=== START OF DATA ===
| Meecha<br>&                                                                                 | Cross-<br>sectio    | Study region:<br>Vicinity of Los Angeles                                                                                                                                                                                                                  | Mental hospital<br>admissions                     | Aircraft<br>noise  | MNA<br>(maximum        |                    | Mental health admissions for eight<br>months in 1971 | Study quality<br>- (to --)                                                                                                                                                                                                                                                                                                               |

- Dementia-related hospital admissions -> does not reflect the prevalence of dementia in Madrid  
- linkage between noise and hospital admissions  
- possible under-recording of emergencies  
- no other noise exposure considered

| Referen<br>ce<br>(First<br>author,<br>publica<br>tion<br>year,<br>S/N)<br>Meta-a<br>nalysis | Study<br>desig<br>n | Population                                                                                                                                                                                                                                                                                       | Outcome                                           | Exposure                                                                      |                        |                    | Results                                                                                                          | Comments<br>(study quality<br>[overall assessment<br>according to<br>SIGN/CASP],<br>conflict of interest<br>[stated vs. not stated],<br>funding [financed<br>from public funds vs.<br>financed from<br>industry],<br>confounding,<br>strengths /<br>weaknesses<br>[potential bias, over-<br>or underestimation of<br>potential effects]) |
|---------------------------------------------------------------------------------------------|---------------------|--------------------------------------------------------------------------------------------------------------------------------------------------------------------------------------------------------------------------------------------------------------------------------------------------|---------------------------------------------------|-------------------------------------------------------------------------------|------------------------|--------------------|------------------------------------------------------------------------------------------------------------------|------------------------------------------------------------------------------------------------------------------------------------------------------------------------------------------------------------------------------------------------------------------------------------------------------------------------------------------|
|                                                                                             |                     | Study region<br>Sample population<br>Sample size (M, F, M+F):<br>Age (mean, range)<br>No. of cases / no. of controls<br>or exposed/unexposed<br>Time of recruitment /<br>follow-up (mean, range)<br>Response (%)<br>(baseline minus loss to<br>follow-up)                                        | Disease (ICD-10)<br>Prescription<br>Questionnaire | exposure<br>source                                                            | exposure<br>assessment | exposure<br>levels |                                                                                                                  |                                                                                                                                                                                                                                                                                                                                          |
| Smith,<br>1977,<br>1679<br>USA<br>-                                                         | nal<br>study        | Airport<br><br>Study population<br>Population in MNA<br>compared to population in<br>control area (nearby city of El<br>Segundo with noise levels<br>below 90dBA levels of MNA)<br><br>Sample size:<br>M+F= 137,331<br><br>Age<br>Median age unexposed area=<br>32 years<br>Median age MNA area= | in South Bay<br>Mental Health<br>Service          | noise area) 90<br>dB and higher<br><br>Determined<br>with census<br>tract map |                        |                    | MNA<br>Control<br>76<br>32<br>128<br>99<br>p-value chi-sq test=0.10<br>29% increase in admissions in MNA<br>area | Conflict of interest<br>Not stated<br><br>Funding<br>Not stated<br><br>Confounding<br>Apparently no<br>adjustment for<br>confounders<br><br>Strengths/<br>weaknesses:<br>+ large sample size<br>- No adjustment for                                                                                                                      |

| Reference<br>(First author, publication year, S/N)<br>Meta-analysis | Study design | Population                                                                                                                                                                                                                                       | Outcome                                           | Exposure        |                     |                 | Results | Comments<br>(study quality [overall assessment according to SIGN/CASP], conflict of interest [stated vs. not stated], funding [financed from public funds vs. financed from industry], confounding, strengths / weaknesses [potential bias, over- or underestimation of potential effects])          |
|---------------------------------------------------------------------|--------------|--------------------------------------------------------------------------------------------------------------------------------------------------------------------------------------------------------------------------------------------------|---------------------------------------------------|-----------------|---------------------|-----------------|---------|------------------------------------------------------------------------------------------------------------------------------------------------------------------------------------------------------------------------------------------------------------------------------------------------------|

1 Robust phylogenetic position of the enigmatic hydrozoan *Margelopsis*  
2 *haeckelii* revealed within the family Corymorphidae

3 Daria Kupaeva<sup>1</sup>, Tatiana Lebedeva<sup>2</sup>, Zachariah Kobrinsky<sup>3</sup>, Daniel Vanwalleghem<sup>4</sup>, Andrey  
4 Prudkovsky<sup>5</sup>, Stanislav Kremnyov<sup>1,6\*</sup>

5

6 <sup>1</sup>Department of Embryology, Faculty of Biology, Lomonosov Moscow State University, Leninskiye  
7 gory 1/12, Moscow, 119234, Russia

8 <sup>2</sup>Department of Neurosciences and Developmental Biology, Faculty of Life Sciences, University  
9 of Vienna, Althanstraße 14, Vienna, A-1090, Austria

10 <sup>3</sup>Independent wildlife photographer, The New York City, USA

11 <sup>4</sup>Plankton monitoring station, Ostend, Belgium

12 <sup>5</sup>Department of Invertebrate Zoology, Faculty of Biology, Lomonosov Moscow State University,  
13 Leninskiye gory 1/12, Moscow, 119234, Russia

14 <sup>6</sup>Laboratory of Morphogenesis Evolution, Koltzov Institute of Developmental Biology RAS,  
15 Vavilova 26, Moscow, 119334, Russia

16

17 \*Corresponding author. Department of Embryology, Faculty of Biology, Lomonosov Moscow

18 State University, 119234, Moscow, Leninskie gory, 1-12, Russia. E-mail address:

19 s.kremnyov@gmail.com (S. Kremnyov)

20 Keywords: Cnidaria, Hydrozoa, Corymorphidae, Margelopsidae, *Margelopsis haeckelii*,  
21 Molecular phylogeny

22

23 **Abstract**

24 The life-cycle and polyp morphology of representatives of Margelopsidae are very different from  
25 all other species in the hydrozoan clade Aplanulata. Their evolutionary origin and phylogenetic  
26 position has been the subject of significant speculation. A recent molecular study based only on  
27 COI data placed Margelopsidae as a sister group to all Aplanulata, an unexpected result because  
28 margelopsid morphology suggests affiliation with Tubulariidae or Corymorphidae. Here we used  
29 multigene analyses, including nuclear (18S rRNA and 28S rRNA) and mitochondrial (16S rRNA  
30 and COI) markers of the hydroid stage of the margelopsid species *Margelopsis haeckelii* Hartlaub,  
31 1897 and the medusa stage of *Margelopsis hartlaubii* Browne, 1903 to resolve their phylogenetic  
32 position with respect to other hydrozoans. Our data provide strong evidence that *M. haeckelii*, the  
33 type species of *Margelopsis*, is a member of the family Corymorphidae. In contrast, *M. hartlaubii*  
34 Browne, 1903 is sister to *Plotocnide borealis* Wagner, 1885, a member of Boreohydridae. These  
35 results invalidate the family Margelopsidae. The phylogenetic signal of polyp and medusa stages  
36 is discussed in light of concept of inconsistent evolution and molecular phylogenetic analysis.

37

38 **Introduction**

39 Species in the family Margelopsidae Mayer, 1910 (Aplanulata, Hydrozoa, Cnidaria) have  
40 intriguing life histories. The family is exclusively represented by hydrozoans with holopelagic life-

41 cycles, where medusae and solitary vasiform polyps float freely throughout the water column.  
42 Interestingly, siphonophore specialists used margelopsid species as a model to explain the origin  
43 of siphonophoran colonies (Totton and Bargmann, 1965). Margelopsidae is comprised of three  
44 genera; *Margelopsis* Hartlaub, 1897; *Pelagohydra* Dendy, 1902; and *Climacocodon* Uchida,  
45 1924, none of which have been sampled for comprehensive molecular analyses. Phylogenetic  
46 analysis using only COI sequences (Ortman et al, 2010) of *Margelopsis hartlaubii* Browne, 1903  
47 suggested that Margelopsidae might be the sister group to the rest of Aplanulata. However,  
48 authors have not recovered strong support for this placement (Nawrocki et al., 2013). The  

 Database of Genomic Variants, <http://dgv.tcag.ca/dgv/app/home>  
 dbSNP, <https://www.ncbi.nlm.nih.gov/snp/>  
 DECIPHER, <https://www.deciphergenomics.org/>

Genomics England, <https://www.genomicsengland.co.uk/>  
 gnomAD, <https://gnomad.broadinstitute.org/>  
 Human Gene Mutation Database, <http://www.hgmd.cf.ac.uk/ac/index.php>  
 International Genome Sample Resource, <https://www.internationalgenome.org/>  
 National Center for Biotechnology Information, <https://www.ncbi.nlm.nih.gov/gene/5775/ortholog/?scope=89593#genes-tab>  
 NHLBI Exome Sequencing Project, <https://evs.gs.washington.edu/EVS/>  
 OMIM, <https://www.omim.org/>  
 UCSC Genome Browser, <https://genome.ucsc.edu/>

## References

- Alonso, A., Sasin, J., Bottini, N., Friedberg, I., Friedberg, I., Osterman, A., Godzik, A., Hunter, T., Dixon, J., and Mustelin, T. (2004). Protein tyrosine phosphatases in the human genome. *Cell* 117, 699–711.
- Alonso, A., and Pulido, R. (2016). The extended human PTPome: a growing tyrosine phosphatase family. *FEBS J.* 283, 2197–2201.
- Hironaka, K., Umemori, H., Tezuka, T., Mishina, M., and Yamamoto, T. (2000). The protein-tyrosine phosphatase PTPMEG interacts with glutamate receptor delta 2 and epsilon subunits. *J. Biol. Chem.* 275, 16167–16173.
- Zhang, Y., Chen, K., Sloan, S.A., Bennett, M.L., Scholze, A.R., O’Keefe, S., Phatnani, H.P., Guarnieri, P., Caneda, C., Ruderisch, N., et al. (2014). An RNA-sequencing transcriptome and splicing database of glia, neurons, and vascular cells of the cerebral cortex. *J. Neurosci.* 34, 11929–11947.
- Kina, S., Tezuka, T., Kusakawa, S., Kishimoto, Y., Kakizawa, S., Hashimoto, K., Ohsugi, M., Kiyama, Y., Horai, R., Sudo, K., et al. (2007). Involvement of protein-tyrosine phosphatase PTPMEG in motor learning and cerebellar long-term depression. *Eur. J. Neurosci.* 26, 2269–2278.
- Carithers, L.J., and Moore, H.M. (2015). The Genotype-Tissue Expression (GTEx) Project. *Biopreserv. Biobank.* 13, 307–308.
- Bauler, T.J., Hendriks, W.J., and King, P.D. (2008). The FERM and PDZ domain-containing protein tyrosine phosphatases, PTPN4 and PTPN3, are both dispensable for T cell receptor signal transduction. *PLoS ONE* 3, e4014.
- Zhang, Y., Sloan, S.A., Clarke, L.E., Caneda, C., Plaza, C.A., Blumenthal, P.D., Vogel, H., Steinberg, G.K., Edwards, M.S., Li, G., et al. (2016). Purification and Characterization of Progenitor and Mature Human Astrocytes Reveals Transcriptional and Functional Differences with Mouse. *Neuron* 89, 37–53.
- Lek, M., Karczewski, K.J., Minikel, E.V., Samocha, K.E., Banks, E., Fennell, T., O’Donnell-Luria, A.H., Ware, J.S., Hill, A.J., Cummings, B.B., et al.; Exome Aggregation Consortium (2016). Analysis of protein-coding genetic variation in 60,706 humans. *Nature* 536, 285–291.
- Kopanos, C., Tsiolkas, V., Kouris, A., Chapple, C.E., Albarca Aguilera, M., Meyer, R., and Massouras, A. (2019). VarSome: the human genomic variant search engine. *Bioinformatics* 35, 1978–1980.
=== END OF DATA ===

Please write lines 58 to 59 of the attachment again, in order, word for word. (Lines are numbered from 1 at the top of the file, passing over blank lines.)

47 suggested that Margelopsidae might be the sister group to the rest of Aplanulata. However,  
48 authors have not recovered strong support for this placement (Nawrocki et al., 2013). The  